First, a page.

The organizational culture of libraries (as is true for most companies and movements) enables true innovation to occur only on the edge of the organization where staffs are less encumbered by expectations of maintaining prescribed pathways. The challenge for libraries is to shatter the organizational paradigm and create new ecosystems that permeate the organization and invite and nurture innovation.

Three roundtable working groups each created strategies through which libraries would be grounded in community priorities and democratic values. The strategies, Superconnectivity, America’s Civic Square and App-Library, each focus on libraries embracing technology as a means of anticipating and addressing community needs. The results would move libraries from a transaction-based way of thinking to a mindset of innovation. Consequently, libraries would become an essential platform for navigating and enhancing life.

The strategies succeed in identifying ways to give libraries a national voice, recognize opportunities for collaboration and integrate new and different library champions.

  • Superconnectivity recognizes the need to address the wealth gap in order to overcome the inequality of access, inclusion and engagement. The main components of Superconnectivity would be (1) technology ~ libraries would provide high-speed (10G) connectivity, not available elsewhere; (2) people ~ staff would be re-imagined as community activators who facilitate the development of relationships and collaboration; and (3) public space ~ technology and materials would make superconnected libraries collaborative spaces.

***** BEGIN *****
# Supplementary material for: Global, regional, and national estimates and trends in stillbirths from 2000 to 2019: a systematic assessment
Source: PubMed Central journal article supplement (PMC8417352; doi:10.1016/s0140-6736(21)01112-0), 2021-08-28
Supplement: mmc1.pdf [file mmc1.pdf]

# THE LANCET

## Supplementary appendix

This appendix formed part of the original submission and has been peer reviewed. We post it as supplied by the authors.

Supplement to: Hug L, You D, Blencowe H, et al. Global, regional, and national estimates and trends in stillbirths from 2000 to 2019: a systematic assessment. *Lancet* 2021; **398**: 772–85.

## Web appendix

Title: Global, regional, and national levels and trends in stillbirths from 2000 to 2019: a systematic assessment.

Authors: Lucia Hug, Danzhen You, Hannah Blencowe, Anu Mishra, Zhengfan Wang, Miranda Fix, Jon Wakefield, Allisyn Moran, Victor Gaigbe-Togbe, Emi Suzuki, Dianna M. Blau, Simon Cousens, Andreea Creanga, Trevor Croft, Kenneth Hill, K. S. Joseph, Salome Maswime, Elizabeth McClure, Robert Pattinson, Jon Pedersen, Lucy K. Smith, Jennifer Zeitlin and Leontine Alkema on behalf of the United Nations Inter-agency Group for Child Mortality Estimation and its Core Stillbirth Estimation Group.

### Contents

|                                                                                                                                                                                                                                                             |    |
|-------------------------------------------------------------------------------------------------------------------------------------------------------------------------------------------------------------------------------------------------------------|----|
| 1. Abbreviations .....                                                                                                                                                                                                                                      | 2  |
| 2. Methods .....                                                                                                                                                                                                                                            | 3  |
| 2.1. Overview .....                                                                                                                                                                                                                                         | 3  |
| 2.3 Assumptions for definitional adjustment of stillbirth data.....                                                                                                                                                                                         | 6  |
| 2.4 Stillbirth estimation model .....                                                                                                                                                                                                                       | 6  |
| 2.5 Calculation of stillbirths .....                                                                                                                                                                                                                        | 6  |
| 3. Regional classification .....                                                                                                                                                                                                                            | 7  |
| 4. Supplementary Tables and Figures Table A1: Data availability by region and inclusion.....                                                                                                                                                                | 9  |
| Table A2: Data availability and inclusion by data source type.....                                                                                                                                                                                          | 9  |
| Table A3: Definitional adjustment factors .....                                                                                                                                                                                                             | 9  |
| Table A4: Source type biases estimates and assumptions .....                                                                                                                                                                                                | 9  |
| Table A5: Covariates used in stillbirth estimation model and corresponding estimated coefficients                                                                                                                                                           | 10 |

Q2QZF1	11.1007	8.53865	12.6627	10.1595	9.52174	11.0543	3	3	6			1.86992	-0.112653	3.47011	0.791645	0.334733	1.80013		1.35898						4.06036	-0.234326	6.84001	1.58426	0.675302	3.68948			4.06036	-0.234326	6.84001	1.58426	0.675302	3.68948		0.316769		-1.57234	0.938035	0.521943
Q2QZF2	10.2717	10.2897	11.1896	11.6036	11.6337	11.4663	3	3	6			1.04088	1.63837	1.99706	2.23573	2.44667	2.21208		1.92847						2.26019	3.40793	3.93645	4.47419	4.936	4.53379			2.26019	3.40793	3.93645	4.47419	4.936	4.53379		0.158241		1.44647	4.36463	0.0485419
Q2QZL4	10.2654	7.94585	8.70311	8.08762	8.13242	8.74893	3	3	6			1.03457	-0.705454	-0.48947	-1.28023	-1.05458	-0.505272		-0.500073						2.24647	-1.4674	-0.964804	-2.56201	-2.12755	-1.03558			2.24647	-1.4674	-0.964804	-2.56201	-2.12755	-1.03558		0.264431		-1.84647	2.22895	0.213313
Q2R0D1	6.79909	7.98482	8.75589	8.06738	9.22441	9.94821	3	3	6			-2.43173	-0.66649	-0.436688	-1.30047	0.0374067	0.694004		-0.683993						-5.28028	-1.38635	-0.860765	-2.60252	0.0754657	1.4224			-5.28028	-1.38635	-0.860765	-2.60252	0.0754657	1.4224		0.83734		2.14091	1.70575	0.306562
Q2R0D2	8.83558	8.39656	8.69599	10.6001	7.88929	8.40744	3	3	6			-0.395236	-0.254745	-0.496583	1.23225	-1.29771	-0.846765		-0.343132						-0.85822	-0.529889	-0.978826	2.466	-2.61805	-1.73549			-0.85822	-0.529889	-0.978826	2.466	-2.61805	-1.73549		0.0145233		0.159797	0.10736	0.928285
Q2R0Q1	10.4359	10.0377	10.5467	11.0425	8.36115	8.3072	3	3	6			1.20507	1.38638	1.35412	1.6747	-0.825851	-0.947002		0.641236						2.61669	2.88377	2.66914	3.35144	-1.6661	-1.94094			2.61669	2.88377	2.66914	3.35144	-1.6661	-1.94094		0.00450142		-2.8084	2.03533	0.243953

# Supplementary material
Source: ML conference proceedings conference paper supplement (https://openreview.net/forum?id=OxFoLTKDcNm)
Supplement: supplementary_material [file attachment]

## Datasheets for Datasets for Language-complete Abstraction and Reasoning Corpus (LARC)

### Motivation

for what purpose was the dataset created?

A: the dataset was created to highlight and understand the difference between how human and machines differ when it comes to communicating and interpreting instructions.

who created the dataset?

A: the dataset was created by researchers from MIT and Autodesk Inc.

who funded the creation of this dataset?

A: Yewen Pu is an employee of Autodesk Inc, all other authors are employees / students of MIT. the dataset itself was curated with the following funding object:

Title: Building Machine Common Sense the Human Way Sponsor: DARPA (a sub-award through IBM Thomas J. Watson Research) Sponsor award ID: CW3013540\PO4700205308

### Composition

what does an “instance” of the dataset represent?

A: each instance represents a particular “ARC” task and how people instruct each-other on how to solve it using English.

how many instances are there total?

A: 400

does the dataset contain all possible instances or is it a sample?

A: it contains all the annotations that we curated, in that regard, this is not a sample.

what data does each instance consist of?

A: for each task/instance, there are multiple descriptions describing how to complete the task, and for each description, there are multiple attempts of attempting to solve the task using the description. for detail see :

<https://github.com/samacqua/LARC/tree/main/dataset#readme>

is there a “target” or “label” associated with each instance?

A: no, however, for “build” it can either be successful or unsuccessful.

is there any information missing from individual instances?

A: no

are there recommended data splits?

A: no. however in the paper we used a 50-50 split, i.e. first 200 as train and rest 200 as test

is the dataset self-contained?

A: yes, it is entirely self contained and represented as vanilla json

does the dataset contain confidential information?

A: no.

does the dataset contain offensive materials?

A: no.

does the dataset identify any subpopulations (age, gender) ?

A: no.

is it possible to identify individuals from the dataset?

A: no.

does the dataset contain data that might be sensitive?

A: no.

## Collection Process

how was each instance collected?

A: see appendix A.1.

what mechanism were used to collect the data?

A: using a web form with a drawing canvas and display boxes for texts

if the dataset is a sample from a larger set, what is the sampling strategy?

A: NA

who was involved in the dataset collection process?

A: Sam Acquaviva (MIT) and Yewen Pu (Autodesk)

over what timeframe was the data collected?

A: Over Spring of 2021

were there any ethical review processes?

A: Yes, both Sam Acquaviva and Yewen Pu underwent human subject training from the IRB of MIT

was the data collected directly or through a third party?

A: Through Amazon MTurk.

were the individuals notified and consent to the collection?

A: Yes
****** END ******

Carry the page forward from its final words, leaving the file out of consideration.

Under the banner of “Librarians for America,” the library would serve as an experimental laboratory, attracting a diverse population to test the limits of their imagination. Superconnectivity would create unparalleled access, enable collaboration and increase economic prosperity.

  • America’s Civic Square would addresslibraries’ responsibility in the current fragmented media environment to provide a platform for civil discourse and debate. Through a network of libraries across the country, America’s Civic Square would provide a social and technological platform that could be leveraged locally and nationally.